By Connie Jin
During the 49ers' 2016 final preseason game, quarterback Colin Kaepernick knelt for the national anthem instead of taking a seat on the bench in protest of racial injustice and police brutality in America. He explained,
"I am not going to show pride in flag for a country that oppresses black people and people of color. To me, this is bigger than football and it would be selfish on my part to look the other way. There are bodies in the street and people getting paid leave and getting away with murder."
Kaepernick's actions soon became a polarizing issue amongst the American public, often along racial divides, and sparked a wave of similar protests among atheletes that continues today.
The hashtag "#VeteransForKaepernick" was created. He was voted the most disliked member of the NFL in a 2016 poll. Several public figures condemned his actions and fans boycotted the NFL, leading to a drop in ratings. He also received death threats.
In a 2016 poll, 42 percent of African-Americans said they like Kaepernick 'a lot' as compared to 16 percent in 2014, while 37 percent of Caucasians said they disliked the quarterback in 2016 compared to 7 percent in 2014.
The Kaepernick Effect
Where and when did the protests occur? Take a look within the US and around the world – you might be surprised. These are just some of the many protests that have occured since August 26, 2016. Click on each marker for details of each protest.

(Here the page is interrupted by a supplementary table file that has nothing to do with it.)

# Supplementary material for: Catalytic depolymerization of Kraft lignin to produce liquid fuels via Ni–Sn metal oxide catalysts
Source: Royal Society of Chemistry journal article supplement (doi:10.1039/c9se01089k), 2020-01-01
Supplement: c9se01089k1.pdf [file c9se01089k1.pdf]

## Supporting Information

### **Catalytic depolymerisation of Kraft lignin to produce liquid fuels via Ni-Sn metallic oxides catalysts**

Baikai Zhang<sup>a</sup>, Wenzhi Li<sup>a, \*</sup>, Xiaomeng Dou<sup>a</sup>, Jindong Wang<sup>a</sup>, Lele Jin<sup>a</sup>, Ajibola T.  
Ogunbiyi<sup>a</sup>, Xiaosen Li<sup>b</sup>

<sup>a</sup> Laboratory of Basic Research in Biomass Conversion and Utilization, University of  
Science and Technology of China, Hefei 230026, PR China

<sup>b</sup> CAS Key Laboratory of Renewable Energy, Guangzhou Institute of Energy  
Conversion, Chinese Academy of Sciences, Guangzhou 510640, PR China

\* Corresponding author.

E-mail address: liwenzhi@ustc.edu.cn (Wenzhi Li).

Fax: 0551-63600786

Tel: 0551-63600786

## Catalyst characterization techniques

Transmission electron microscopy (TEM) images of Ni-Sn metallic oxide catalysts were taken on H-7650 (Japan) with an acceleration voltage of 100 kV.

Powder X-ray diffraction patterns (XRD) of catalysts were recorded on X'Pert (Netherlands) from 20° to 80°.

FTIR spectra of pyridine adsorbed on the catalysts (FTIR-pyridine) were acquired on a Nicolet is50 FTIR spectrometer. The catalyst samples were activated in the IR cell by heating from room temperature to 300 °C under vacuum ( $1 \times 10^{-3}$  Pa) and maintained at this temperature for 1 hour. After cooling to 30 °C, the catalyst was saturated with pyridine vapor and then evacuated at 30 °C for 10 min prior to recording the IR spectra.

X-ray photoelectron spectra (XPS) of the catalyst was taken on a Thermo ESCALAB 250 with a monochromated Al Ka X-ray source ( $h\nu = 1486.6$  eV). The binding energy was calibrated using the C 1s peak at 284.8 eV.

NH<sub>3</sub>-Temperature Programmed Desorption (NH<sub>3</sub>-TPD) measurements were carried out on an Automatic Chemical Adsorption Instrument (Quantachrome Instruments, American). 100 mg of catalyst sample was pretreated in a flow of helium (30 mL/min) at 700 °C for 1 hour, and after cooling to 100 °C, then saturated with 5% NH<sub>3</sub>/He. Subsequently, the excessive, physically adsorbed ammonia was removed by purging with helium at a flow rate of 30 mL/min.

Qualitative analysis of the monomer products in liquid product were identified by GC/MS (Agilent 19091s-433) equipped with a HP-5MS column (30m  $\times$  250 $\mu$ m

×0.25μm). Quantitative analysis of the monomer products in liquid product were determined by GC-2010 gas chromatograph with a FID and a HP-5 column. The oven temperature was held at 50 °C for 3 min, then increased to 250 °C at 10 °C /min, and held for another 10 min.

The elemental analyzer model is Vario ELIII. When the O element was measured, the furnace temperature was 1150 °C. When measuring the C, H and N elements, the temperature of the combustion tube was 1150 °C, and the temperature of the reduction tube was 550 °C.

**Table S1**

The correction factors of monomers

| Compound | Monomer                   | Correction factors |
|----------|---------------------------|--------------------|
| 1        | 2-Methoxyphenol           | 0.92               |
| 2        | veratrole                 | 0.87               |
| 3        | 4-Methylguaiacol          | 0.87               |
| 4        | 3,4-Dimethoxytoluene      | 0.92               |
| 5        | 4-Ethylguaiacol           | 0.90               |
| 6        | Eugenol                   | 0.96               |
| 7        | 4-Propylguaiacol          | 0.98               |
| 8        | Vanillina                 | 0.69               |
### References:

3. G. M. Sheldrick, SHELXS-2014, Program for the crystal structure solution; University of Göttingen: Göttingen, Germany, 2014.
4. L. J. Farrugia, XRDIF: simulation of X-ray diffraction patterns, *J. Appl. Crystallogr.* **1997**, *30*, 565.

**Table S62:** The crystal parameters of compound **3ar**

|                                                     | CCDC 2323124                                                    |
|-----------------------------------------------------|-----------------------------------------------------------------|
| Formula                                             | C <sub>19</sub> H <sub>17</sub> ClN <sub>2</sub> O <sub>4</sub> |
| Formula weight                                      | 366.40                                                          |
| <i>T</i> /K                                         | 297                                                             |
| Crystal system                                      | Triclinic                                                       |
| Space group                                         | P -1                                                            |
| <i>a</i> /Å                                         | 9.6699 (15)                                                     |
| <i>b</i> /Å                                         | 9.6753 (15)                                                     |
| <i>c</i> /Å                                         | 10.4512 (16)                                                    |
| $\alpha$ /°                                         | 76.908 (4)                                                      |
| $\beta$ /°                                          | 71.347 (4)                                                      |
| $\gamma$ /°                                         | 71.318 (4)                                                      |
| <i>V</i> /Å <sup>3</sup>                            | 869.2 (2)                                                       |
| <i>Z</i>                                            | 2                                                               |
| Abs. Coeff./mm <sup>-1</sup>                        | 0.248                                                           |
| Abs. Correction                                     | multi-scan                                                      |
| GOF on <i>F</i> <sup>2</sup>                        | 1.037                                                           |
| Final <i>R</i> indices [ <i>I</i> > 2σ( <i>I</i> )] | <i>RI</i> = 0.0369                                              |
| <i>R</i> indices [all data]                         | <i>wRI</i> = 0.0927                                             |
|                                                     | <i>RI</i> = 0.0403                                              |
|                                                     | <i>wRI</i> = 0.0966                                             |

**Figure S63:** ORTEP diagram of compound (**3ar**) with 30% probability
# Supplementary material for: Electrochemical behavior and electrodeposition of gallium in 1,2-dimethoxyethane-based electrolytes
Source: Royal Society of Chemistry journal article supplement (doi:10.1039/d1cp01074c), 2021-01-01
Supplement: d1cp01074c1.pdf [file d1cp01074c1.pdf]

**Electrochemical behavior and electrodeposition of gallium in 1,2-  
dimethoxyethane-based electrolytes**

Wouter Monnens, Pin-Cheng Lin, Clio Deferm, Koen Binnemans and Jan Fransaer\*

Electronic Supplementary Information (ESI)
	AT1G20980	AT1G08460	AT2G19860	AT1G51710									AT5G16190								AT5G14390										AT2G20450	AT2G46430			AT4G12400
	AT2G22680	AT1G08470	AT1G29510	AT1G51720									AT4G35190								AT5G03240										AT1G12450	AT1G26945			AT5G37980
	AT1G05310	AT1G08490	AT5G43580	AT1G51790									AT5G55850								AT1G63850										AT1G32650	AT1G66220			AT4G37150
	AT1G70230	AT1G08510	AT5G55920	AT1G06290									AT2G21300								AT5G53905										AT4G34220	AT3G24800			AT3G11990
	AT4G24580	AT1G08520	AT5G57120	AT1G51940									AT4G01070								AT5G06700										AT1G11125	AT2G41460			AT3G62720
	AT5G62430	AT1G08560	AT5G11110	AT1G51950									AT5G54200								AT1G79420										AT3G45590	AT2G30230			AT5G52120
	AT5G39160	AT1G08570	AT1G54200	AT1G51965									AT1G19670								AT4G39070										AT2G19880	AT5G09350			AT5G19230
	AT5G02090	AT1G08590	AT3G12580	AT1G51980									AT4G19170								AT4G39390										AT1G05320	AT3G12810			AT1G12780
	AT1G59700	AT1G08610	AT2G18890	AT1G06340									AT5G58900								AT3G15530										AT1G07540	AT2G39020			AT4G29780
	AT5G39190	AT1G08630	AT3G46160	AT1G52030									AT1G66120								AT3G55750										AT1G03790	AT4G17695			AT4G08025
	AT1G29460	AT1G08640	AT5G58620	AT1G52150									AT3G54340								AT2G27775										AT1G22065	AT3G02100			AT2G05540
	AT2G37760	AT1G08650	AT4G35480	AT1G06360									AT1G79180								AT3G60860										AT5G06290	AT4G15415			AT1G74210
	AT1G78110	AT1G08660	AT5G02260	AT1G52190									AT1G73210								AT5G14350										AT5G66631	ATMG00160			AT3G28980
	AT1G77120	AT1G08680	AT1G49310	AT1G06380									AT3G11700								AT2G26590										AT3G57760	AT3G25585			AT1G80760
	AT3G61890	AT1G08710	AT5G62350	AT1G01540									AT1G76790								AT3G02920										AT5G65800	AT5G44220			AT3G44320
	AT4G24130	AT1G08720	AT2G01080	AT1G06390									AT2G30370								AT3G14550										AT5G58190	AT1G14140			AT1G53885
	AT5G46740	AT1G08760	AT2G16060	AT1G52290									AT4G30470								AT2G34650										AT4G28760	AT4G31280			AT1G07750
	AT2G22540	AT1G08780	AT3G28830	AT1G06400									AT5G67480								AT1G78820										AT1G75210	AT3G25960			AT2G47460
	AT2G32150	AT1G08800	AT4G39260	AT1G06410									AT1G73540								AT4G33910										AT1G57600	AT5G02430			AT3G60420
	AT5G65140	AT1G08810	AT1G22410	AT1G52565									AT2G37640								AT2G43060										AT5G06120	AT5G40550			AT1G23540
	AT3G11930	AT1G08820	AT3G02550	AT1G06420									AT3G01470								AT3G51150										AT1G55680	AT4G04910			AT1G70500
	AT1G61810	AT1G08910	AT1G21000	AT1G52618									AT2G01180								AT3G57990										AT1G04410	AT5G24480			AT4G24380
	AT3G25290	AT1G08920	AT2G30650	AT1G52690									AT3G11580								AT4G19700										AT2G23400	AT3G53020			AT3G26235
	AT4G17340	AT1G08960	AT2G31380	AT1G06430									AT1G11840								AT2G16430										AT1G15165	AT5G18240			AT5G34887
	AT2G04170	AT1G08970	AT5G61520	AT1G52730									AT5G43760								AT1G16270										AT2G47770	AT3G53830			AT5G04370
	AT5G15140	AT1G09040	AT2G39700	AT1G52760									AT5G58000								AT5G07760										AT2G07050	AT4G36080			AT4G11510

What have people been saying about the protests? Let's check out #TakeAKnee on Twitter.
As the movement grows, let's look back at the reason why Kaepernick knelt in the first place, and why those who kneel today still do so. Here are some statistics from The Guardian's The Counted database, which tracks people killed by police brutality each year.
Pick a year
The myth of the popular protest
A 2016 poll found that only 38 percent of Americans surveyed approved of players not standing for the anthem. How does that match up to past protests?
22 percent of all Americans approved of the Freedom Rides.
28 percent approved of the sit-ins.
The majority of Americans – 63 percent – had "unfavorable" feelings about the March on Washington. In 1966, 60 percent of Americans had a negative opinon of Martin Luther King Jr.
Now, these protests are viewed much more positively – even held up as models of success.But during their time, in fact many Americans thought these demonstrations would hurt the advancement of civil rights.
In a 1961 poll, 57 percent of Americans said that they believed sit-ins and other demonstrations by African-Americans would hurt their chances of being integrated in the South.These numbers sound strikingly similar to the 55 percent of Americans that said the Black Lives Matter movement distracts from real issues of racial discrimination in a September poll.
So what do these patterns mean for the future, and for the movement that Colin Kaepernick sparked when he took a knee last year?
When looking at polling data of attitudes towards protests taken at the time of the protests, it's important to realize that they reflect the attitudes of that time. Attitudes change, and while civil rights protestors may not connect with the hearts of American people during their time, they connect with the hearts of those to come.
When people protest, they have their eyes set on the future. And they should continue to do so.